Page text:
Culture | Back to the basics

Uncovering the joys of uncooked cooking

The first time I heard the term ‘raw foodism’, I could not run for the door fast enough. The mere thought of limiting myself to a measly selection of uncooked, unprocessed fruits, vegetables, nuts, and seeds made my taste buds shrivel, and my appetite was instantly gone. But the North American food industry is a business, not a service, and it has become close-to-common knowledge that profit is a much larger concern in the eyes of these businesspeople than public health will ever be. The unappetizing realities of the meat and dairy industries, as well as the recent surge of genetically modified products into our supermarkets leave those of us who are “in the know” wishing that we weren’t. This is where raw foodism seems to make its sell, and David Cote, the owner of Crudessence, Montreal’s raw food restaurant, was thrilled to share his views on why raw food can heal the world.

Originally a juice bar, Crudessence reopened this past May as a restaurant. It has attracted a wide range of people and publicity, including features in nearly every Montreal newspaper, as well as a lengthy clip on CBC Radio. Cote describes his clientele as ranging from frequenting yogis to the wealthy women of Westmount, who don’t speak to anyone and order their food to go. Though the prices hit the higher end of a student budget, the food quality at Crudessence is undoubtedly worth the extra dollar or two.

“Eating raw food is about listening and being aware when you eat something. If you do this, you will naturally end up eating raw,” explains Cote. “It’s not about eating 100 per cent raw food. This movement has become far too dogmatic in this sense. If you try to do this, you’re going to find yourself in a freezer eating ice cream in the middle of the night.” Cote believes that our society is still stuck in a survival mode, and it is only when we realize that we can let this notion go that we can make peace with our health. He claims that unlike our parents and grandparents, our generation need not fear running out of food. It’s okay, he even dares to say, to feel a little hungry sometimes. “You’re not going to die tomorrow,” Cote laughs, and suggests that our society is painfully out of touch with our own bodies, as opposed to the profit-driven industries that benefit from preserving such ideas.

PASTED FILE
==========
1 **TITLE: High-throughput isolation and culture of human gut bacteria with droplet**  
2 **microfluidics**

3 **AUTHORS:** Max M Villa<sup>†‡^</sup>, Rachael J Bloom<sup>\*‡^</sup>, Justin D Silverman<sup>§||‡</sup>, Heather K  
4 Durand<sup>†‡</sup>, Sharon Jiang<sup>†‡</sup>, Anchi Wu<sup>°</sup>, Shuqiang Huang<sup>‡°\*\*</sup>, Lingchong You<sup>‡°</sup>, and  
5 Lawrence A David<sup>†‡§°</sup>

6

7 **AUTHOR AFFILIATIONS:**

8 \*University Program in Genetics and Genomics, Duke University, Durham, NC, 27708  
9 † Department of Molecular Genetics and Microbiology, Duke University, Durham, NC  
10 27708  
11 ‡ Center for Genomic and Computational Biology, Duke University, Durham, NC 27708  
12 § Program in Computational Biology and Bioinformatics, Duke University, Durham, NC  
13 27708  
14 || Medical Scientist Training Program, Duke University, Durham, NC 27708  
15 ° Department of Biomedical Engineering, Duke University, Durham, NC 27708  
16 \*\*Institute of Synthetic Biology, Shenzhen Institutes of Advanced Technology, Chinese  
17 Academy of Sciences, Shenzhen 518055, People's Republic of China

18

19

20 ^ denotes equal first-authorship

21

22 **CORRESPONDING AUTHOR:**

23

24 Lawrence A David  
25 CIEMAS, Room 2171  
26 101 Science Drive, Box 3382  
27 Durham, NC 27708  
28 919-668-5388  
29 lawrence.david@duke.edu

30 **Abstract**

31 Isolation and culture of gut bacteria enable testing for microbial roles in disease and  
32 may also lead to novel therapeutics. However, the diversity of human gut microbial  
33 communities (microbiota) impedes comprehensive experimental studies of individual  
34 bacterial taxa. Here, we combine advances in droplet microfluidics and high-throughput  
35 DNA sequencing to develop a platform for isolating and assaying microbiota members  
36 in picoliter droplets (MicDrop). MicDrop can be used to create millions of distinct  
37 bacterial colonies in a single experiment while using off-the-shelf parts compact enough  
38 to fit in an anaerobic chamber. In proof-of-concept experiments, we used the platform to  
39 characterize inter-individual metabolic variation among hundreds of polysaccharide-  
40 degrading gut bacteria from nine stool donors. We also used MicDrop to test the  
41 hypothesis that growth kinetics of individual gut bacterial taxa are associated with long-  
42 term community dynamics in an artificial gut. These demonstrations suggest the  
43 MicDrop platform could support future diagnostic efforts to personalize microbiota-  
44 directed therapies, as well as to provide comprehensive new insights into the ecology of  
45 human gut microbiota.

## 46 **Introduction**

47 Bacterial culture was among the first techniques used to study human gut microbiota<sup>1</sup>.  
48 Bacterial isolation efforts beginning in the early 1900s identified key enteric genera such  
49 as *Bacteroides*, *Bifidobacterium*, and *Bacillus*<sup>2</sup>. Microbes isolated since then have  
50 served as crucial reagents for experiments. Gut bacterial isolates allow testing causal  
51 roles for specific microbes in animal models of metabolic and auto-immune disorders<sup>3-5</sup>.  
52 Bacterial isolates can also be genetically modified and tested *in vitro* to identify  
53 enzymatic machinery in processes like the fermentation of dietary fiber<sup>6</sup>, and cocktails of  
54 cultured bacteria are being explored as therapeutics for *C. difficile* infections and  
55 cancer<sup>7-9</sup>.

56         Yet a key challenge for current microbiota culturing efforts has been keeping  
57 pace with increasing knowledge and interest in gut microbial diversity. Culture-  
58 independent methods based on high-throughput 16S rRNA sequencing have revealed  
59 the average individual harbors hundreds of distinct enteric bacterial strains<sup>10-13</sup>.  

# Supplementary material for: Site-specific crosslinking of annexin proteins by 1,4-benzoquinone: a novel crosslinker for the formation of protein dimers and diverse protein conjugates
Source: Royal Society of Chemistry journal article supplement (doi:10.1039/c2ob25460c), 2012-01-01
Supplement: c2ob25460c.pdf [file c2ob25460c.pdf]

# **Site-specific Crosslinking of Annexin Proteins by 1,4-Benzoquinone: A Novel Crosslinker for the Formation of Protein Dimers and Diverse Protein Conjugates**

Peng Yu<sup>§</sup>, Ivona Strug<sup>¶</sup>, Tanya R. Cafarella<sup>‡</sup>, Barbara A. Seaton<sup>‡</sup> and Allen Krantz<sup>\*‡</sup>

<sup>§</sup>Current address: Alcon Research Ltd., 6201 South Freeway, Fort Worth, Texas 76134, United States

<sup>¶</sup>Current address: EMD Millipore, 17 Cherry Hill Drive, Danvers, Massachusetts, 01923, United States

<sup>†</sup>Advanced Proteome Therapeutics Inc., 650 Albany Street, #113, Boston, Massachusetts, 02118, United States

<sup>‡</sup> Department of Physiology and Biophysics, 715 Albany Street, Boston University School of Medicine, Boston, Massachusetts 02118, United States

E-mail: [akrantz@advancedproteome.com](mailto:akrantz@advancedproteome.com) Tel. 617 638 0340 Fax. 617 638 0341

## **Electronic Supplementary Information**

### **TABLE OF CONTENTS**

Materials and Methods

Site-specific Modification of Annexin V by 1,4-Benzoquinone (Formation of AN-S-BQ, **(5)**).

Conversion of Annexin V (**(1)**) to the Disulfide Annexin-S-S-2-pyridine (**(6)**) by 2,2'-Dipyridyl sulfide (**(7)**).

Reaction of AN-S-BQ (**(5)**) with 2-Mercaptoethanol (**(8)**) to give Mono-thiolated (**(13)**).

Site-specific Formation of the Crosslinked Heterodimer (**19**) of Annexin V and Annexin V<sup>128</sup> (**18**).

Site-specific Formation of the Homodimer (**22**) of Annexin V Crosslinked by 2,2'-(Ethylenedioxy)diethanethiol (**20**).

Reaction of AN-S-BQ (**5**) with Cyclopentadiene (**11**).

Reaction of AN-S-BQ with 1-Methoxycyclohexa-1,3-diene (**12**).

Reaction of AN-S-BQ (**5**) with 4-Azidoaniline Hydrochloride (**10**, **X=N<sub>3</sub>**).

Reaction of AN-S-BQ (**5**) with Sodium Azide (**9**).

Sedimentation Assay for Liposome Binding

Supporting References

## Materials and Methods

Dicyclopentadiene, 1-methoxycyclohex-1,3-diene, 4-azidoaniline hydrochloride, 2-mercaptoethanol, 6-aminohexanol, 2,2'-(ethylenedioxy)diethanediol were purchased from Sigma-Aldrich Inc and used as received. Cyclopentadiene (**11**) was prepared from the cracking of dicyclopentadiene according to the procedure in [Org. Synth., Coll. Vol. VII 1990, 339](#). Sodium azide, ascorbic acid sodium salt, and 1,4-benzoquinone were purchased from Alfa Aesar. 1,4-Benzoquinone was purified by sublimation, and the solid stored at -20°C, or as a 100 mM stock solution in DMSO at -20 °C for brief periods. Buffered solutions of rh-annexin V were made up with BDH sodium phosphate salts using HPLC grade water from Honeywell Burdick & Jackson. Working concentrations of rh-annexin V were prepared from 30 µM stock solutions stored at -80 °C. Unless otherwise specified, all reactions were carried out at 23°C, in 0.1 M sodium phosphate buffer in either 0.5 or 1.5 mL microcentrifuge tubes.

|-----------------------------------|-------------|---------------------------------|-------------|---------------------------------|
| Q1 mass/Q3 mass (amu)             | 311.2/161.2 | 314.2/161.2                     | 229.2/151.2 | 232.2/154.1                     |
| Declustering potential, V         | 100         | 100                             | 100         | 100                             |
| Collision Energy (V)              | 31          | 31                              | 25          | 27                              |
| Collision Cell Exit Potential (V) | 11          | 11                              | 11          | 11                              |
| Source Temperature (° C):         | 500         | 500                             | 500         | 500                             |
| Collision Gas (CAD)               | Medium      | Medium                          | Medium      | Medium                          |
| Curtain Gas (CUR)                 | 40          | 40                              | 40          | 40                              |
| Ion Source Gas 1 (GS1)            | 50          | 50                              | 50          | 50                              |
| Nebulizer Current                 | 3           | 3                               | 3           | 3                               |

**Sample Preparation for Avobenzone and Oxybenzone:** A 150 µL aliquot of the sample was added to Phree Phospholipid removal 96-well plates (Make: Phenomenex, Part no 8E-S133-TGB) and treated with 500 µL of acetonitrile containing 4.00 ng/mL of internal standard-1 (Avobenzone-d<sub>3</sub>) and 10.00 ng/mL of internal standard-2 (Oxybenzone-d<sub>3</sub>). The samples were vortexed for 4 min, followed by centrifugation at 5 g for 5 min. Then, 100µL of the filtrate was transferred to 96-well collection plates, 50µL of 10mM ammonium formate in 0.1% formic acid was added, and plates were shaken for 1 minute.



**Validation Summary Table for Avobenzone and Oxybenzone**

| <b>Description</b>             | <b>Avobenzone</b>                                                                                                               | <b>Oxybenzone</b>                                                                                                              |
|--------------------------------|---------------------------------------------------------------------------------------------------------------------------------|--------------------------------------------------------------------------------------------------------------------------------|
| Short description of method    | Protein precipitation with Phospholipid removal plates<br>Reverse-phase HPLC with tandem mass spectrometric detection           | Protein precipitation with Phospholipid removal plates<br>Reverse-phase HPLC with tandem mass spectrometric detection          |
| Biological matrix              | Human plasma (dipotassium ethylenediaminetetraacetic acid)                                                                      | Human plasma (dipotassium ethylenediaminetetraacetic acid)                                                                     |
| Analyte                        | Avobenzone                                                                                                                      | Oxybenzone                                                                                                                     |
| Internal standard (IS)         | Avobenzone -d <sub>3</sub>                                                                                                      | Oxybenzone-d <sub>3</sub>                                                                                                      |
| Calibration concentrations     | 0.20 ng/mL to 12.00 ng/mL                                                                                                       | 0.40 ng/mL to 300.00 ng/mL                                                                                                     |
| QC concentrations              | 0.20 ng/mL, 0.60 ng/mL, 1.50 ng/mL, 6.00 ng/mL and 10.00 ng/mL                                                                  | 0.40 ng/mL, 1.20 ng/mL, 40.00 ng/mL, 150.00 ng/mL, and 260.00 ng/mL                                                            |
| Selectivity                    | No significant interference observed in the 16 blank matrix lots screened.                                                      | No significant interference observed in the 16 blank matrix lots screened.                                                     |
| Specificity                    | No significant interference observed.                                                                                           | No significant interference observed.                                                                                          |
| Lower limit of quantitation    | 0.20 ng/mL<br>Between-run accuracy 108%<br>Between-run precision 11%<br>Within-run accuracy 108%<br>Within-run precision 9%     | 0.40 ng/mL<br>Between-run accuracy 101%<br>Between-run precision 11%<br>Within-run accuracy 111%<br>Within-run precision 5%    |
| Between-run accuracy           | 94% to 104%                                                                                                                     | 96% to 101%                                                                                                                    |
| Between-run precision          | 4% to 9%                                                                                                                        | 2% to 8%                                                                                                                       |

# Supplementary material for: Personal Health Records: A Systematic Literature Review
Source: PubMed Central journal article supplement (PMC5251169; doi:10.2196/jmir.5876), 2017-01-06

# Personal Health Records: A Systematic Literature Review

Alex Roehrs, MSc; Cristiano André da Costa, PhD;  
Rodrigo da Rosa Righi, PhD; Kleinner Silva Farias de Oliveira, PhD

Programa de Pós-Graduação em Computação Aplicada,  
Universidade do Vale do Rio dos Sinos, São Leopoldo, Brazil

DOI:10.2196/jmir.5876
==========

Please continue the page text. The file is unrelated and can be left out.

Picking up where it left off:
Cote claims that when eating a high percentage of raw foods, a university student couldn’t fall asleep in class if they tried. “It’s about efficiency, eating for energy. You no longer feel lethargic, and break away from habits of using food to numb yourself from your creative energy.” While such a movement can easily be dismissed as far too radical for many people’s liking, perhaps it’s what we need. “Eating raw food makes you responsible for your own life,” Cote claims. “Crudessence” roughly translates to “something that continues to grow larger.” But, to Cote, it means, “returning back to health, back to reality, back to raw.”

While it is easy to write this lifestyle off, we could all use a little more fresh food in our Kraft-laden diets. It is true that what we eat becomes a part of us, and even more apparent that what we eat dictates how we feel. After all, humans are the only animals that cook and process their food – and also the animals that suffer most from cancer, obesity, and diabetes. Perhaps the answer is to tune out the processed voice of Ronald McDonald, and tune into your own. Pop into Crudessence for a delicious smoothie, a raw meal, or a burst of inspiration and be a tad more kind to that precious body of yours.

Crudessence is located at 105 Rachel O.

Comments posted on The McGill Daily's website must abide by our comments policy.
A change in our comments policy was enacted on January 23, 2017, closing the comments section of non-editorial posts. Find out more about this change here.